Kelsey-Dorsey Loop

Northern

Kelsey-Dorsey Loop

Flagstaff Ranger District, Coconino National Forest
By Robert Stieve

Sycamore Canyon is the highlight of this hike, but the trail’s beauty goes deeper than that. The trees stand out, too. Ponderosa pines, Douglas firs, Gambel oaks and alligator junipers are some of what you’ll see, along with natural springs, giant boulders and wildlife — black bears, mountain lions and ringtails roam the woods. It’s an alluring ecosystem that holds the distinction of being the oldest “wilderness” area in Arizona.

On September 3, 2014, the Wilderness Act celebrated its 50th anniversary. Before there were wilderness areas, there were primitive areas, which, in the words of Aldo Leopold, were defined as “a continuous stretch of country preserved in its natural state ... big enough to absorb a two weeks’ pack trip.” In 1935, Sycamore Canyon was given that protection and designated a primitive area, the state’s first. In 1984, it was expanded by 9,000 acres and named a wilderness area. Today, the Sycamore Canyon Wilderness protects 55,937 acres in and around the canyon, from its forested rim near Williams to its riparian mouth in the Verde Valley. The Kelsey-Dorsey Loop is in the upper half of this magnificent wilderness.

From the trailhead, which is located deep in the woods at the end of several dirt roads, the hike immediately crosses into the wilderness and begins a steep descent, past some impressive alligator junipers, to a set of switchbacks. You’ll see distant mountains to the south and a thick forest all around. It’s unlike other pine forests in Arizona, which tend to be either devoid of undergrowth or overgrown with it. This forest is somewhere in between.

At the outset, the trail is carpeted with pine needles, but it turns rocky after about 10 minutes. This is where you’ll start seeing the oaks and make a gradual downhill run to Kelsey Spring. As you’d expect, it’s surrounded by lush grasses. Listen for canyon wrens and hermit thrushes. To this point, the canyon hasn’t made an appearance, but it’s getting closer.

Continuing the loop — counterclockwise — you’ll come to one of the gnarliest gators in Arizona. They’re all twisted and bumpy, but this one is an extremist. Just beyond it, the trail crosses a side canyon, one of many in the area. If you love trees —  hardwoods and softwoods — this might be your favorite part of the trail. If you love panoramas, your payoff is about two minutes away. That’s when you’ll get your first good glimpse of Sycamore Canyon. From there, it’s downhill to Babe’s Hole Spring, another lush exclamation point in an otherwise arid forest.

The elevation at the spring is 6,120 feet, the lowest point of the trail — the hike never actually goes into the canyon. Around the corner, you’ll intersect the Little Lo Trail. Keep left to stay on the loop, and keep your eyes peeled for a massive but dead ponderosa. Its circumference is about 20 feet, and there are others like it. The big trees have died of old age, and their graveyard marks the beginning of a gentle ascent. After 15 minutes of climbing, the trail arrives at a bench between the upper and lower rims of Sycamore Canyon. Where it levels off, there’s another big gator.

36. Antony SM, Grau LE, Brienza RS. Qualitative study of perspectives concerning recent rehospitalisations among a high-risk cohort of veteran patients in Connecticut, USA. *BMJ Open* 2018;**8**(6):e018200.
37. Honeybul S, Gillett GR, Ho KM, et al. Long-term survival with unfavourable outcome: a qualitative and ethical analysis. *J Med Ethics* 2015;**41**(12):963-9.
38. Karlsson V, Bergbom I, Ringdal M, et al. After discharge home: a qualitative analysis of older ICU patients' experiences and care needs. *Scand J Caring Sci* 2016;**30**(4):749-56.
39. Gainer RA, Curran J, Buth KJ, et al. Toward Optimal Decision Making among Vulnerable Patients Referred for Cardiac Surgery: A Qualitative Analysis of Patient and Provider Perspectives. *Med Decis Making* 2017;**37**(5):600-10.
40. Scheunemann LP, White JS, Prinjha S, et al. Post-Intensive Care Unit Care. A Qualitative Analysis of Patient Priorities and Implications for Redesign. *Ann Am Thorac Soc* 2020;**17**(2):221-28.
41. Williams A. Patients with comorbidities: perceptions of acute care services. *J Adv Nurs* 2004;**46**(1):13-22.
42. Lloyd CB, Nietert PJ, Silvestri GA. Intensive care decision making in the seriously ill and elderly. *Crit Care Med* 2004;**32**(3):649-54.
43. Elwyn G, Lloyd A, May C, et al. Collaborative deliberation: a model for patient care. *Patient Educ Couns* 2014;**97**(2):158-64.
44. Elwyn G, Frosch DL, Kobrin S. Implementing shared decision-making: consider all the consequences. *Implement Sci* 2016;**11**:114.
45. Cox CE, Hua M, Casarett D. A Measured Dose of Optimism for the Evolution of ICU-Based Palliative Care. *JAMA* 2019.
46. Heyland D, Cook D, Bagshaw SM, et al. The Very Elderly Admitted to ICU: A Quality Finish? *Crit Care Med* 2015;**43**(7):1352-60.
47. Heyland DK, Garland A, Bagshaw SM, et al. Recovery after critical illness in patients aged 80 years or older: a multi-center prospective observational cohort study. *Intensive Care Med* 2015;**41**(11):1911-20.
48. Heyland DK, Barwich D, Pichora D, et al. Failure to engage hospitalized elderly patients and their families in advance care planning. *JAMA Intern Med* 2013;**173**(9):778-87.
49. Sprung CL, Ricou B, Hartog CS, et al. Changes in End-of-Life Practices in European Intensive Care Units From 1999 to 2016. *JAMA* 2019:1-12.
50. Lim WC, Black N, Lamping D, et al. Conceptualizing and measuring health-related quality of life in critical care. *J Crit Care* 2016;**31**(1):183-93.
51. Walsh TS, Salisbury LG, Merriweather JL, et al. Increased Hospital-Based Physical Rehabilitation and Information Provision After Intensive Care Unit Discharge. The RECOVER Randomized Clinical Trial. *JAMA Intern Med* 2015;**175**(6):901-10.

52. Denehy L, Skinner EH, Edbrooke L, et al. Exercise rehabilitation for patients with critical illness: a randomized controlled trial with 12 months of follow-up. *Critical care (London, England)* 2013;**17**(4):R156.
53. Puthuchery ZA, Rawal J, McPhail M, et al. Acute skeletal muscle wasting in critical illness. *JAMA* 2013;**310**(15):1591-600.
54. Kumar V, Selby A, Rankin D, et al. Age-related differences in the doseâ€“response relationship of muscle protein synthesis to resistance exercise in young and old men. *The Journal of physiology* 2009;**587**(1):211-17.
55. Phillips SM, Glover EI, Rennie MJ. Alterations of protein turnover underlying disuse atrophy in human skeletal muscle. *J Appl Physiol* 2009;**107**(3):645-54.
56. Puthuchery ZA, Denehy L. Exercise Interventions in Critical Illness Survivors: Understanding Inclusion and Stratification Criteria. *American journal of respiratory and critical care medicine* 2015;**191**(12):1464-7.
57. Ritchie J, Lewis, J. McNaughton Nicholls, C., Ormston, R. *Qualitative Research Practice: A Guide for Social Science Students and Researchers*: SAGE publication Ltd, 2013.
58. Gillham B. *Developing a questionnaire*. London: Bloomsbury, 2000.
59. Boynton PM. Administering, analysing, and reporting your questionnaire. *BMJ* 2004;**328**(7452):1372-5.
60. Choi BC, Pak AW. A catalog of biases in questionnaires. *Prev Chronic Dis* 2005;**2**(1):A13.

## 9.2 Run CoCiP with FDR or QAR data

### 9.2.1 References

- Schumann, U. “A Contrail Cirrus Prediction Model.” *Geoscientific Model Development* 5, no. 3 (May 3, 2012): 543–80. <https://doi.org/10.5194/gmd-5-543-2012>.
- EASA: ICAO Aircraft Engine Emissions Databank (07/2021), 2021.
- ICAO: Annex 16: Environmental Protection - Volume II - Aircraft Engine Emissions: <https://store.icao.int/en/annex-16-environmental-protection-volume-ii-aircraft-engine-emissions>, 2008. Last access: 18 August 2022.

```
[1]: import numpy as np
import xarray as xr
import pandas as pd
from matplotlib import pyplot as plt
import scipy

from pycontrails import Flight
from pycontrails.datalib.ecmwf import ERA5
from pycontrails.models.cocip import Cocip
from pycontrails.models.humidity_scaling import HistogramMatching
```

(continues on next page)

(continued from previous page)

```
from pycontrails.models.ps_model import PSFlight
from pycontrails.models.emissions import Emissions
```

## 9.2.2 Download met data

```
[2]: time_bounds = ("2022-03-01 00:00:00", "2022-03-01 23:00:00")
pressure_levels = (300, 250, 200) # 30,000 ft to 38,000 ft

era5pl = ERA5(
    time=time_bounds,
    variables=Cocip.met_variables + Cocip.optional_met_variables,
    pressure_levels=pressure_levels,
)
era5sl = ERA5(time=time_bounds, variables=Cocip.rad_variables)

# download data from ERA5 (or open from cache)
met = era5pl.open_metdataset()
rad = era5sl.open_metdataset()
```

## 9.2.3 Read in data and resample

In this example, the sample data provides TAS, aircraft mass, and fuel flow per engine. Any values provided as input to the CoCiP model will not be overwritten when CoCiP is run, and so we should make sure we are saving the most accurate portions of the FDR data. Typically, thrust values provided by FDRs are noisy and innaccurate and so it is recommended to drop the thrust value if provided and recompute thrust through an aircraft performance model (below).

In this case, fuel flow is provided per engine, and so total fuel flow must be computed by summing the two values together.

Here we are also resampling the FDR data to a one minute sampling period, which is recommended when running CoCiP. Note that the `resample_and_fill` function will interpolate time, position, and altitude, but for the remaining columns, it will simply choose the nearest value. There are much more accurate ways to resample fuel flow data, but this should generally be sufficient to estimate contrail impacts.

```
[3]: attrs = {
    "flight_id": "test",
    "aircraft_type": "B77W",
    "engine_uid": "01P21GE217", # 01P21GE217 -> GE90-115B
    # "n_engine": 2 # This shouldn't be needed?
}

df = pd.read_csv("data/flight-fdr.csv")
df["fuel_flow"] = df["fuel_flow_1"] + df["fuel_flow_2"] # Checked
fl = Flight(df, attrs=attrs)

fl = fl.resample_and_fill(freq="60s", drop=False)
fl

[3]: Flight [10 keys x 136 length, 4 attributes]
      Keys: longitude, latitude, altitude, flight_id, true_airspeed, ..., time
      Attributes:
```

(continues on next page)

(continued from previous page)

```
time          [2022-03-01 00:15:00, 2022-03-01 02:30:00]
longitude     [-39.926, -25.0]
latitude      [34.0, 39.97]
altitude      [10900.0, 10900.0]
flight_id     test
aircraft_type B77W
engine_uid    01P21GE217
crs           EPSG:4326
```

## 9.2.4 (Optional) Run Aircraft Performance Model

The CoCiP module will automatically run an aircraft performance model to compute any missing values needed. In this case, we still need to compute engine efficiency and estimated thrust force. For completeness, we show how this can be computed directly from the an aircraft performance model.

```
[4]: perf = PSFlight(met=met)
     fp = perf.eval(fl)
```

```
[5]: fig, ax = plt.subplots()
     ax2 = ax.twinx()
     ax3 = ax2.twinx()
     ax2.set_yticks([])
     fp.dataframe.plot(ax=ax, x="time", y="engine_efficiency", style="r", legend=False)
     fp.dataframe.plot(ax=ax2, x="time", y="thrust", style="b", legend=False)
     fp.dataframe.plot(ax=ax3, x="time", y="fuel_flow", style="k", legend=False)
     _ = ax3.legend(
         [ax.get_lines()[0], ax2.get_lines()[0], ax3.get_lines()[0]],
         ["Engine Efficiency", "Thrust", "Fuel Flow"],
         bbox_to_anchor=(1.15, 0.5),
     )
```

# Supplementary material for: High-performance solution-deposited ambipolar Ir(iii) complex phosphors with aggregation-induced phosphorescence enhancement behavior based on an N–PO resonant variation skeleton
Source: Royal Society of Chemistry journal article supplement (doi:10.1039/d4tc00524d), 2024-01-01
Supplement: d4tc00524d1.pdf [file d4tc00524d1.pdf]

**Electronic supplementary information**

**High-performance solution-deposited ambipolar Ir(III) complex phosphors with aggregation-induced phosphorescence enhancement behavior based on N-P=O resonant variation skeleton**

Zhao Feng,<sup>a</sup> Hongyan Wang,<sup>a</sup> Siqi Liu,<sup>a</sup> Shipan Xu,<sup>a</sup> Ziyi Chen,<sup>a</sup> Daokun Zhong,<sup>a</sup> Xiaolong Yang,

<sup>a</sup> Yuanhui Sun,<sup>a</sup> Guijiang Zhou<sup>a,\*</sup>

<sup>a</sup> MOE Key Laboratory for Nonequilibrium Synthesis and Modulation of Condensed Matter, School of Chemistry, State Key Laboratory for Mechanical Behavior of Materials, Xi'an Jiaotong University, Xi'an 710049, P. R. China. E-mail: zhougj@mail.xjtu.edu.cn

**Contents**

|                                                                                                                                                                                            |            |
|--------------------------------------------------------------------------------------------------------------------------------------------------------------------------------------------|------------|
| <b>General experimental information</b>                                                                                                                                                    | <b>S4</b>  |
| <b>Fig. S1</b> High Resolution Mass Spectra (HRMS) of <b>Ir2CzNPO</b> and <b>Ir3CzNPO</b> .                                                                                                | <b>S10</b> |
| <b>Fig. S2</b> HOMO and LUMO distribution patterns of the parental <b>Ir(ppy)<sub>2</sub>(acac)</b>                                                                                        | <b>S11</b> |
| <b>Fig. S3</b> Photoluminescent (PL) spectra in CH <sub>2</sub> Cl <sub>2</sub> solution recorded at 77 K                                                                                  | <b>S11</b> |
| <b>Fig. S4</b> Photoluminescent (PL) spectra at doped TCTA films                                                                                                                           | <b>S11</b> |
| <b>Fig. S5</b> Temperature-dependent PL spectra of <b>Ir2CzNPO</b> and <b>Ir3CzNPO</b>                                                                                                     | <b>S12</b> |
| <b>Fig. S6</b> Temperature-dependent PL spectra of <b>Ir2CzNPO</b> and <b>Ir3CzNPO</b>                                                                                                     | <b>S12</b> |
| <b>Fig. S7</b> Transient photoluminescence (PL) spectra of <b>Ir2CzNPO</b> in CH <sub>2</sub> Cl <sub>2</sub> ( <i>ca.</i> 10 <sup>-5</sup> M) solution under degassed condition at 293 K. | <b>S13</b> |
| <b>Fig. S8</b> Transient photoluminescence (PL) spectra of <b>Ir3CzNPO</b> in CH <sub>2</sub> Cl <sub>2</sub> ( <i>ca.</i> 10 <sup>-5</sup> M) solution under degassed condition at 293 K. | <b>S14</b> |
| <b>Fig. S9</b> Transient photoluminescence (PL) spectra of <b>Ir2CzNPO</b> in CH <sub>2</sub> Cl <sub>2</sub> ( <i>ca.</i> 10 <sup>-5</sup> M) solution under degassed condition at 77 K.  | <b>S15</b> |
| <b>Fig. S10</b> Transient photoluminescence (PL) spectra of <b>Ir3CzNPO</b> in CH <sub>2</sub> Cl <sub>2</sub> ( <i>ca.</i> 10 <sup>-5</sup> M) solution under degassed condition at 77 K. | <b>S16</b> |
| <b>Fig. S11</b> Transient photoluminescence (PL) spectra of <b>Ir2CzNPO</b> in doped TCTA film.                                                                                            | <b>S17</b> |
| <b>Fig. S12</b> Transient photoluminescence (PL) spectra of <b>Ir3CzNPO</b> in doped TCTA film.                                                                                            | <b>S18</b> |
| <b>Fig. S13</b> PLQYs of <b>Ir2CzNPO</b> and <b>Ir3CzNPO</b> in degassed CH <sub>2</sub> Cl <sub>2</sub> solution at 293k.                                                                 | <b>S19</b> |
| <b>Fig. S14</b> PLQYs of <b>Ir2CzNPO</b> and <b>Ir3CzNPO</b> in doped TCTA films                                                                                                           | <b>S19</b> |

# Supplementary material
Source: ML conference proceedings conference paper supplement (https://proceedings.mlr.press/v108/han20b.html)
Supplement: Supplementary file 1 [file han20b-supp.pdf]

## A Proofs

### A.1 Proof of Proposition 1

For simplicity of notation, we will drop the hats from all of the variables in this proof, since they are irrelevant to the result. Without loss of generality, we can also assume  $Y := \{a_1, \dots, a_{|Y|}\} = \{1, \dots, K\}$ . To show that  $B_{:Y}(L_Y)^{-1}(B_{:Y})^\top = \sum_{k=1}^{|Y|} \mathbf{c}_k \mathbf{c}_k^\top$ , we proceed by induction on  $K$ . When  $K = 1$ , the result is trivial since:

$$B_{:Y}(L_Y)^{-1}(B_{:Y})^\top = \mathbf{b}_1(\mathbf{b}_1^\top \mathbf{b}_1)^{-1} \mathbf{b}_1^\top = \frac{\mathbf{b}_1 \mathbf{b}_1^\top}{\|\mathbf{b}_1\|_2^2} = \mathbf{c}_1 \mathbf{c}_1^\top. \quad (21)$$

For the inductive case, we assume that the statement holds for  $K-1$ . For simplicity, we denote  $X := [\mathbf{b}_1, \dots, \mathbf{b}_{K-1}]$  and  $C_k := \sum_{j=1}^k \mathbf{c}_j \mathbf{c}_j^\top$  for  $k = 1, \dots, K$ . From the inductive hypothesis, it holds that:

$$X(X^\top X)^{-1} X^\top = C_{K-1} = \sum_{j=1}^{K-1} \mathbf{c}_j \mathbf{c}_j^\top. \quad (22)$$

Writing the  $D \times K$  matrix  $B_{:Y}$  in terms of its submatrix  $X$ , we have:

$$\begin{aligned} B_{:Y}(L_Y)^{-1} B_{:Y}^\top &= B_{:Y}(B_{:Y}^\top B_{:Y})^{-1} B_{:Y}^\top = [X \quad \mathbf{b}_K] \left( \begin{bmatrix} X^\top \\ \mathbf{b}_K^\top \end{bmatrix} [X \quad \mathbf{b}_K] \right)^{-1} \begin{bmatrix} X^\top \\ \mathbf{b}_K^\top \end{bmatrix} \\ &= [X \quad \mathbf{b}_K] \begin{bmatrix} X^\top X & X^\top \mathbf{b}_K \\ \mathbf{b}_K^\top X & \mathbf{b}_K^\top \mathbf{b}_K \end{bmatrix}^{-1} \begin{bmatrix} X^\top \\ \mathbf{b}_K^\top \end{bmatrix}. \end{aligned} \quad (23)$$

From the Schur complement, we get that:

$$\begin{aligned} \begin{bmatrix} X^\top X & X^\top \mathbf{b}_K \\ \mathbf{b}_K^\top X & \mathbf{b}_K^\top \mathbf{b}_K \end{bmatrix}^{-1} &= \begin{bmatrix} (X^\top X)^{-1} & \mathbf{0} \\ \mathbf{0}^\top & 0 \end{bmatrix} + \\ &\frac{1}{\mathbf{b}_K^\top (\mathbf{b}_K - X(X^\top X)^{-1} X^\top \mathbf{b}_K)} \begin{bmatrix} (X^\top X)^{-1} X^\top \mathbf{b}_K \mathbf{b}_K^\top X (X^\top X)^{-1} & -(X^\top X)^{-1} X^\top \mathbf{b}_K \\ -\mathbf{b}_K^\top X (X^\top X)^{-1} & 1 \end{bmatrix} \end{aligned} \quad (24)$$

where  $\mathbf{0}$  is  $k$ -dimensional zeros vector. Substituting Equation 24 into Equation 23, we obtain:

About an hour in, you’ll cross a field of boulders and slip out of the woods. To the right is the trail’s best view of the canyon. It’s OK to stand there and look awhile. When you’re ready, the trail continues through thickets of manzanitas, tall grasses and other chaparral vegetation. In places, the manzanita is so thick it clogs the trail. It doesn’t last long, though. Within 15 minutes, you’ll be back in the woods, and you’ll say goodbye to the canyon.

In the woods, the trees are mostly ponderosas, which range from pencil-thin to bridge pylons. Before long, you’ll intersect the Dorsey Trail. Veer left, and within 100 yards you’ll arrive at Dorsey Spring. The incline at this point is moderate, but it steepens as the trail climbs through a ravine to the upper rim of Sycamore Canyon. There, the forest is reduced to junipers and a few small ponderosas.

The rest of trail is a quick trip to the east, past an intersection with the Hog Hill Trail, and on to the Dorsey Trailhead. You’ll leave the wilderness there and use forest roads to complete the loop. Initially, you’ll hike a few hundred yards on a narrow jeep road to a second dirt road. Turn left and continue a few hundred yards more to Forest Road 538G, which you’ll recognize from the drive in. Hang a left and make your way back to the trailhead — the total trip on FR 538G is 1.4 miles. Although that last stretch isn’t a “continuous stretch preserved in its natural state,” it is a pleasant walk among the pines. And, who knows? You still might see a bear.

Photo: An overlook near Dorsey Spring offers an expansive view of Sycamore Canyon. | Tom Bean

Trail Guide

Length: 7.3-mile loop
Difficulty: Moderate
Elevation: 6,631 to 6,120 feet
Trailhead GPS: N 35˚04.465’, W 111˚55.795’
Directions: From the intersection of Milton Road and Historic Route 66 in Flagstaff, go west on Route 66 for     2 miles to Forest Road 231 (Woody Mountain Road). Turn left onto FR 231 and continue 13.9 miles to Forest Road 538. Turn right onto FR 538 and continue 5.4 miles to Forest Road 538G. Veer right onto FR 538G and continue     1.5 miles to an intersection with Forest Road 527A. Stay left on FR 538G and continue 0.3 miles to the trailhead.
Vehicle Requirements: A high-clearance vehicle is recommended.
Dogs Allowed: Yes (on a leash)
Horses Allowed: Yes
USGS Map: Sycamore Point
Information: Flagstaff Ranger District, 928-526-0866 or www.fs.usda.gov/coconino

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